from The American Heritage® Dictionary of the English Language, 4th Edition
- n. Deep, extensive learning. See Synonyms at knowledge.
from Wiktionary, Creative Commons Attribution/Share-Alike License
- n. Profound knowledge, especially that based on learning and scholarship.
from the GNU version of the Collaborative International Dictionary of English
- n. The act of instructing; the result of thorough instruction; the state of being erudite or learned; the acquisitions gained by extensive reading or study; particularly, learning in literature or criticism, as distinct from the sciences; scholarship.
from The Century Dictionary and Cyclopedia
- n. Learning; scholarship; knowledge gained by study or from books and instruction; particularly, learning in literature, history, antiquities, and languages, as distinct from knowledge of the mathematical and physical sciences.
- n. Synonyms Learning, Scholarship, Lore, etc. See literature.
from WordNet 3.0 Copyright 2006 by Princeton University. All rights reserved.
- n. profound scholarly knowledge
Sometimes the aformentioned erudition is daunting -- I know I'm missing some aspects ...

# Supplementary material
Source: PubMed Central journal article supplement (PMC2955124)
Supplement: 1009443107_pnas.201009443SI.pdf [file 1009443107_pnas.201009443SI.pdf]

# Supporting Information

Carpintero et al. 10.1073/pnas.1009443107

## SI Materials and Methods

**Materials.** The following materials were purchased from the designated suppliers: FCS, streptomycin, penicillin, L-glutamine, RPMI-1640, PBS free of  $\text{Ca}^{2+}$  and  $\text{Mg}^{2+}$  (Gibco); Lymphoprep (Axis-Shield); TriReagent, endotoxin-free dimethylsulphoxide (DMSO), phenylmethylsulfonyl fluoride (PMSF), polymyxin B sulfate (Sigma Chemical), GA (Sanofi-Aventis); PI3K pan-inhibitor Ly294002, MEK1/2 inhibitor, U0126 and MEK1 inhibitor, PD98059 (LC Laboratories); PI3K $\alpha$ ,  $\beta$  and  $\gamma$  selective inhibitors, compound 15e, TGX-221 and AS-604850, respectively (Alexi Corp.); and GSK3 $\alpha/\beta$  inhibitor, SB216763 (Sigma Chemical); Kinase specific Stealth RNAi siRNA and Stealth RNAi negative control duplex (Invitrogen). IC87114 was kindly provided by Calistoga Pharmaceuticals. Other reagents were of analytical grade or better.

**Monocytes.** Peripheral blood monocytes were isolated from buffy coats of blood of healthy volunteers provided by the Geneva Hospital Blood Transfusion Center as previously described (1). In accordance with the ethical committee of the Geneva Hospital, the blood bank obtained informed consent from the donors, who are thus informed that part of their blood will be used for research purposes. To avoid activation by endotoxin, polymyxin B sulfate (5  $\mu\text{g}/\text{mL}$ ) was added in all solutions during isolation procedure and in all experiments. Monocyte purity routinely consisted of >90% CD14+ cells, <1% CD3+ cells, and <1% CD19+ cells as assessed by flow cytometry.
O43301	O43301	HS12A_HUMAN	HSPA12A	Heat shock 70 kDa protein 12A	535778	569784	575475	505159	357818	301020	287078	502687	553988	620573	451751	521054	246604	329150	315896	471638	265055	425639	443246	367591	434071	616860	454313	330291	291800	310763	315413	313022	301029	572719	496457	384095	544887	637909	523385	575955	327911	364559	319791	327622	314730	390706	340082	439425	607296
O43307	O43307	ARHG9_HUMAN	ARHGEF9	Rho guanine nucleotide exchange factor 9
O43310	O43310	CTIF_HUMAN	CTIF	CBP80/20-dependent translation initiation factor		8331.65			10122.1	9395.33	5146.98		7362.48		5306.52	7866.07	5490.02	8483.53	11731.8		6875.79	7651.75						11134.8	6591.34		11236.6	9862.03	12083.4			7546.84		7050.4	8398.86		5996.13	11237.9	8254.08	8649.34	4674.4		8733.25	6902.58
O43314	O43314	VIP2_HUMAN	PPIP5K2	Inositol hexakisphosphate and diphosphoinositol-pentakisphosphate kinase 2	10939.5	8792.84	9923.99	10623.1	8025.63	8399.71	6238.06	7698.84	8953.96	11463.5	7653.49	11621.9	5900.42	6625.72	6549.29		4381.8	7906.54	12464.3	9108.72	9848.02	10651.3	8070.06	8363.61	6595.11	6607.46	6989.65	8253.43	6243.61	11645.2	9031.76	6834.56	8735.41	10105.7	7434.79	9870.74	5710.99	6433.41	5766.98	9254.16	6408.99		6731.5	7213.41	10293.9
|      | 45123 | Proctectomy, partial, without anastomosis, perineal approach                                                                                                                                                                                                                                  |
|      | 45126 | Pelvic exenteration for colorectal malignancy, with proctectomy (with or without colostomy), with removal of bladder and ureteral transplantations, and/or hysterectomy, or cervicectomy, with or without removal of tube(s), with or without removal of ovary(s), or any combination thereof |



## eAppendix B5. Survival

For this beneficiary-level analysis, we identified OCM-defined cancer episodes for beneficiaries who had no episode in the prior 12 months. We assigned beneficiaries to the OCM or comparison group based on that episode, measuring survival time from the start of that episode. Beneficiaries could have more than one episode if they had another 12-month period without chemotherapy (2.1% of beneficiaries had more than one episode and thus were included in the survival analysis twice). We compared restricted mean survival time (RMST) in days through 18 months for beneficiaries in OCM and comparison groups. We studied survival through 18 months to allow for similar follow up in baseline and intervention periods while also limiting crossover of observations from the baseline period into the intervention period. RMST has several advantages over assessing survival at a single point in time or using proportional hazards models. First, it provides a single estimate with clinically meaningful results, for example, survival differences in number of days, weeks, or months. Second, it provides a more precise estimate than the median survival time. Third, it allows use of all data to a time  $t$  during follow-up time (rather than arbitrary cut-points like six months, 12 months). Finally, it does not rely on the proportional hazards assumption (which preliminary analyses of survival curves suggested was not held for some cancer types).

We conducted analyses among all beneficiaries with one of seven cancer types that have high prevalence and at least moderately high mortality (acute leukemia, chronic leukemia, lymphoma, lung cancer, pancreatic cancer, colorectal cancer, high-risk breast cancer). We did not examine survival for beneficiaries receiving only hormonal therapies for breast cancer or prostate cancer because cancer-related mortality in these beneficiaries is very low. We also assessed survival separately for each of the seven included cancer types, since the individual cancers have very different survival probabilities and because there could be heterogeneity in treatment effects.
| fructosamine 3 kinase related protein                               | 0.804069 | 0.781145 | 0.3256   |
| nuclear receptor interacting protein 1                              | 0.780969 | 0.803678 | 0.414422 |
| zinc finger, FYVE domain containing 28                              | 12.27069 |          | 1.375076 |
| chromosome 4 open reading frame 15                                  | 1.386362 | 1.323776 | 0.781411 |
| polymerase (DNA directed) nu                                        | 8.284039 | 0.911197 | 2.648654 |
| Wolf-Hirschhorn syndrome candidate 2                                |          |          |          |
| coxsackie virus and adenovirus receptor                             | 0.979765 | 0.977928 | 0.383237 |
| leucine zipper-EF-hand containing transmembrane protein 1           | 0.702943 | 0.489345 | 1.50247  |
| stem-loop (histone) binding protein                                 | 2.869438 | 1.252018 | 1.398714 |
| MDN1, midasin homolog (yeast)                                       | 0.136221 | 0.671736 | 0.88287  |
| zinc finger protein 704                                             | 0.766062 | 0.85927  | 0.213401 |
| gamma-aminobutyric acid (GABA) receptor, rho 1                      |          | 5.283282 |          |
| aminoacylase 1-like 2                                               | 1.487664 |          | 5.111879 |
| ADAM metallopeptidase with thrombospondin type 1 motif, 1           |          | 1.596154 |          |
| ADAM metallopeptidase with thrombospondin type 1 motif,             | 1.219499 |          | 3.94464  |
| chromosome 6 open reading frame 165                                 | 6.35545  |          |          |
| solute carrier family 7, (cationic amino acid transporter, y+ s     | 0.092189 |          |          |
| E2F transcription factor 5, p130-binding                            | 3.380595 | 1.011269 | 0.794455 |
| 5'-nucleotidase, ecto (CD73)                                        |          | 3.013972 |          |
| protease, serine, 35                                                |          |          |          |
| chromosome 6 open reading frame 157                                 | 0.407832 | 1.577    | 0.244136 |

For people so skilled in erudition, none of them seem to really be able to articulate why any of this activity is important to them.
The erudition is dexterously deployed, with a heartening leaven of demotic obscenity.
ChadLove: I have always lived under the impression that erudition is inocculated at birth in Oklahoma hospitals.
The only way an Okie can achieve erudition is by innoculation!
The Fried Henderson is an approach to problem solving rooted in erudition, experience and a love of World of Warcraft.
Littré, the Learned, who in erudition was né coiffé, has missed this obvious derivation.
I expected a certain erudition, a certain level of scholarship and I have not found it.
As a small tenant farmer's son he was on a level with the daughter of a country doctor, and as a highly-educated man with a university training and with some kind of professional career before him he might, in erudition-loving Scotland, have claimed admission to the highest social order next to the landed gentry.
The first, with all his scholastic endowments, was a man of the world, and a grace to society; the second, though in erudition equally respectable, was wholly lost to the general community, and alive only with his pen and his books.